The facts of the present case, however, are readily distinguishable.  The activity here involved was not an inherently dangerous one. The boys were selected according to their skill and by a reasonable means of classification. They were properly instructed, experienced, and proficient, and they participated in the game only if they chose to do so. Under such circumstances, there is no legal basis for a finding of negligence.
 Nor is there merit in the contention that liability may be predicated upon a failure to provide prompt medical attention. Plaintiffs' medical expert, the sole witness to testify on this point, stated that a layman could not reasonably have been expected to discover the nature of the injury sooner and, in any event, no injury resulted to the boy from the delay.
 The evidence being insufficient to sustain the verdict and judgment, the defendants' motions for judgment notwithstanding the verdict should have been granted. Under such circumstances, this court may order judgment to be so entered. (Code Civ. Proc., § 629; Jordan v. Guerra, 23 Cal.2d 469, 472 [ 144 P.2d 349]; Johnson v. Sacramento Northern Ry., 54 Cal.App.2d 528, 543 [ 129 P.2d 503].)
The judgment and the order denying the motions for judgment notwithstanding the verdict are reversed and the trial court is directed to enter its order granting said motions.
Gibson, C.J., Shenk, J., Traynor, J., Schauer, J., and Spence, J., concurred.
The majority of this court has again invaded the realm of fact finding, and in violation of the settled rule that facts must be determined in the trial court, has found and determined the issues of fact contrary to the trier of fact — the jury in this case — and the trial judge who denied motions for a nonsuit, directed verdict, judgment notwithstanding the verdict and a new trial. In so holding, this court again denies litigants the right to a jury trial on issues of fact in a case where a trial by jury is admittedly a matter of right under the Constitution and laws of this state.
What was the ultimate issue of fact to be determined in this case? It was whether or not the conduct of the individual defendants was that of a reasonably prudent person under like circumstances. If the conduct was not such, he was negligent, and if such negligent conduct was a proximate cause of the injuries suffered by plaintiff, liability was established.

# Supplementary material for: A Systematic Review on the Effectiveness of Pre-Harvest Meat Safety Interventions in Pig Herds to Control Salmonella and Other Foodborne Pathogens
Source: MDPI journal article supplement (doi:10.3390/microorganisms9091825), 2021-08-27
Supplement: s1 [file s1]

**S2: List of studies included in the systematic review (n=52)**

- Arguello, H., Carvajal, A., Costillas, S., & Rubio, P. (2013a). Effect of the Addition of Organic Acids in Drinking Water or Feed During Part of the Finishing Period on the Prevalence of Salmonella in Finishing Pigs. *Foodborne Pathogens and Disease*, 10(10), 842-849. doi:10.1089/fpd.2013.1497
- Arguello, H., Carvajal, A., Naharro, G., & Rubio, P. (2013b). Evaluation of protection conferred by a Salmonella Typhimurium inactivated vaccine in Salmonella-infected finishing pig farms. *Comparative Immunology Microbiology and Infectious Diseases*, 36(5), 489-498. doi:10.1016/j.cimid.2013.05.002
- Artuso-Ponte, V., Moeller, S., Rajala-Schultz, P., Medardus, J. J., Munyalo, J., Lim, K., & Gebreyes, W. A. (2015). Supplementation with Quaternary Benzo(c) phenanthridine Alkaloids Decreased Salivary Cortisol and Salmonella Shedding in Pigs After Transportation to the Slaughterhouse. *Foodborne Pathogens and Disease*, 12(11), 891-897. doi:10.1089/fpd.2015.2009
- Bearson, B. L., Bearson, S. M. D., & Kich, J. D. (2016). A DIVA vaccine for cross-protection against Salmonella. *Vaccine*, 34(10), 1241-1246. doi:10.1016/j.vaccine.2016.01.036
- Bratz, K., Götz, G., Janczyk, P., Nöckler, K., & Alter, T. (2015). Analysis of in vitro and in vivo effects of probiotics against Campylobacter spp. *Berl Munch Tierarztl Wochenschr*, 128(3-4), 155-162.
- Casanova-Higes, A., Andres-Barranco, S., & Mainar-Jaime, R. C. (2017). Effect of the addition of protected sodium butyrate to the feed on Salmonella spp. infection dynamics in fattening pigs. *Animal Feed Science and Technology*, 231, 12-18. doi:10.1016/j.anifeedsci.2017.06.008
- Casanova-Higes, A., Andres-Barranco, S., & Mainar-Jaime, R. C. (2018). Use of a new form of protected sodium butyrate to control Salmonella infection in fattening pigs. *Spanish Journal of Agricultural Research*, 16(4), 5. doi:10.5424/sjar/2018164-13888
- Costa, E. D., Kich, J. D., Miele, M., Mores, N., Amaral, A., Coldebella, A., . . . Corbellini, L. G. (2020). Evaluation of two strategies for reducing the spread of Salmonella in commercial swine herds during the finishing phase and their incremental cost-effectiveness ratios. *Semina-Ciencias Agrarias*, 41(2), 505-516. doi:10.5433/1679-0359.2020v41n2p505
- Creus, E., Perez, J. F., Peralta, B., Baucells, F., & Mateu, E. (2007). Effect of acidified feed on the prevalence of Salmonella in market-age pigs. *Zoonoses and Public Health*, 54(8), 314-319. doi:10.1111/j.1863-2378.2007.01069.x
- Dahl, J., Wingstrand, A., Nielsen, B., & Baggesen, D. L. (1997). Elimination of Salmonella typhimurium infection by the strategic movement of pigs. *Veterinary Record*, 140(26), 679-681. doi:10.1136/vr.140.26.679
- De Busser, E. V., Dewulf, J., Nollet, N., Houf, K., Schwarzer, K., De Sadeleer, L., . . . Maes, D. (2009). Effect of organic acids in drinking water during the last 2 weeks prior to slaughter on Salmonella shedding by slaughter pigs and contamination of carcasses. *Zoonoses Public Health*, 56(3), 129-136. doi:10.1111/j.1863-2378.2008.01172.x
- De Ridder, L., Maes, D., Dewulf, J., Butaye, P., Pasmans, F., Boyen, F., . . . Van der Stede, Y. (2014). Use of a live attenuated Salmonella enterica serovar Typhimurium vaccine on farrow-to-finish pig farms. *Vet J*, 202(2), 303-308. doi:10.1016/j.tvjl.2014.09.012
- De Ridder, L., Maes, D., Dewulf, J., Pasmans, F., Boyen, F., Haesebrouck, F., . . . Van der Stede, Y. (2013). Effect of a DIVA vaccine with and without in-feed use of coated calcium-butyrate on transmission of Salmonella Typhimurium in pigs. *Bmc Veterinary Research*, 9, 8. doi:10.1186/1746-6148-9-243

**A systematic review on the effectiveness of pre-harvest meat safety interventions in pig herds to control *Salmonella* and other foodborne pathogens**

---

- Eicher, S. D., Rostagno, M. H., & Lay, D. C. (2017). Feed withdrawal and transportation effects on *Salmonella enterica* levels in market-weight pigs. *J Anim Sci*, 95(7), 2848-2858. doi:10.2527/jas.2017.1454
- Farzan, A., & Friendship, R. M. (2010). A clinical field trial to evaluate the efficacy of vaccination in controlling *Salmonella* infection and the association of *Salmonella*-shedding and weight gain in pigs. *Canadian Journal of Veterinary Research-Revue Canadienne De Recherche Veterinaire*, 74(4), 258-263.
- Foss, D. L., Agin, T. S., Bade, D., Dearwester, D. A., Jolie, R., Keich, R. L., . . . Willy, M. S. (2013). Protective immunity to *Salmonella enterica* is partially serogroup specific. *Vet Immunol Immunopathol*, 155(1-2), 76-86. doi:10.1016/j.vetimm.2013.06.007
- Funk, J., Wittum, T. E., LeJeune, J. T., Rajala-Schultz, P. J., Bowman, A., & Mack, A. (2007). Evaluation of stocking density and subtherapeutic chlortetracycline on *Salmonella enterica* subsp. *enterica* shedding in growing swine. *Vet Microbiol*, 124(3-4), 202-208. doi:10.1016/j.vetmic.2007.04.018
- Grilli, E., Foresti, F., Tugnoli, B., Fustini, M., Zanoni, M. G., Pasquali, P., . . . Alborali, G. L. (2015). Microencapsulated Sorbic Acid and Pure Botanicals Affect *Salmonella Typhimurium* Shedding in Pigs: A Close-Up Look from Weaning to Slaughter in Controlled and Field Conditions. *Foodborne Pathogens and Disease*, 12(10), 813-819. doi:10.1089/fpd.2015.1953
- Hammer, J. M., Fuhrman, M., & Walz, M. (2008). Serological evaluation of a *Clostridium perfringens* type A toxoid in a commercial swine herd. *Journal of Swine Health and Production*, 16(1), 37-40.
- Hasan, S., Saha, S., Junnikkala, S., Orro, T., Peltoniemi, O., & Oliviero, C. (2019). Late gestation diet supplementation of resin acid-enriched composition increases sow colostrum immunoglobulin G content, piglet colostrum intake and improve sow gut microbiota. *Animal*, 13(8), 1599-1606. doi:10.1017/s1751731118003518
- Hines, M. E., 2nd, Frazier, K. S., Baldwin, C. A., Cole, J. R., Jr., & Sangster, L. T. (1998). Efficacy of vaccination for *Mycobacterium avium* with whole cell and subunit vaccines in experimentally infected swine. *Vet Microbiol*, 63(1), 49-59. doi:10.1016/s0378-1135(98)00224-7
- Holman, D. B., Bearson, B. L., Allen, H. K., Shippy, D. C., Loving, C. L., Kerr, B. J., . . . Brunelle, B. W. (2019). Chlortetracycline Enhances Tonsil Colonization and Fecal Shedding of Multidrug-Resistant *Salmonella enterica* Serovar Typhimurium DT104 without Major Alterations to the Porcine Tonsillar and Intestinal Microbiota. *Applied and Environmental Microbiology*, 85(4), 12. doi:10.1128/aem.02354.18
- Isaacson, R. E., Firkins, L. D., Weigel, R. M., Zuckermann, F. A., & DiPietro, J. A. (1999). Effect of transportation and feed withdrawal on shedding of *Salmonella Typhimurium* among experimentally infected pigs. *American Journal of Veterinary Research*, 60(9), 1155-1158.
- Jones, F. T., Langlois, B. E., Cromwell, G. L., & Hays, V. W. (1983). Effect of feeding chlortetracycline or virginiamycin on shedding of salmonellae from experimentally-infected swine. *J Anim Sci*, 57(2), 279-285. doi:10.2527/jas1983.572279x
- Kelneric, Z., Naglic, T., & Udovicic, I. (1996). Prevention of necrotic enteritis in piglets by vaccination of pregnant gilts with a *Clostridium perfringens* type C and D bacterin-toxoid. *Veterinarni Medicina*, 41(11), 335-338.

It must be remembered that a jury and trial judge heard the evidence in this case and concluded that the conduct of either Gripenstraw or Perrin or both of them was not that of a reasonably prudent person and that either or both of them was or were negligent. It cannot be denied that this ultimate fact was so determined.
The members of the jury and trial judge are presumed to have "reasonable minds." They saw the participants and saw and heard the witnesses and must have concluded that a reasonably prudent person would not have permitted boys ranging in weight from 85 to 190 pounds to engage in a game of touch football under the circumstances there depicted. These fact finders, with "reasonable minds," may have felt that a reasonably prudent person in charge of the playground would have applied the "exponent chart" which was admitted to be "partially for the safety of the participants" in such a game. These fact finders, with "reasonable minds," may have disbelieved the witnesses who testified that touch football, when played as described by them, would not endanger the life or limb of the participants. In short, these fact finders with "reasonable minds," on whom the Constitution and law of this state places the responsibility of determining issues of fact, concluded from the evidence that a reasonably prudent person would not have permitted little Willie Pirkle, 13 years, 4 months of age, 5 feet, 4 inches tall and weighing 97 pounds to play in a game of touch football with big, overgrown Jackie Perkins, 14 years, 6 months of age, 5 feet, 10 inches tall and weighing 145 pounds, and that in so doing Mr. Gripenstraw or Mr. Perrin or both were guilty of negligence.
Now, a majority of this court says that this jury and this trial judge did not possess "reasonable minds"; that they are not entitled to the benefit of the presumption which the law has bestowed upon them — that they possess "reasonable minds"; and that the constitutional mandate and statutory provisions relating to the function of a jury and a trial judge are of no force or effect whatsoever as this court arrogates to itself both the fact finding and law making powers.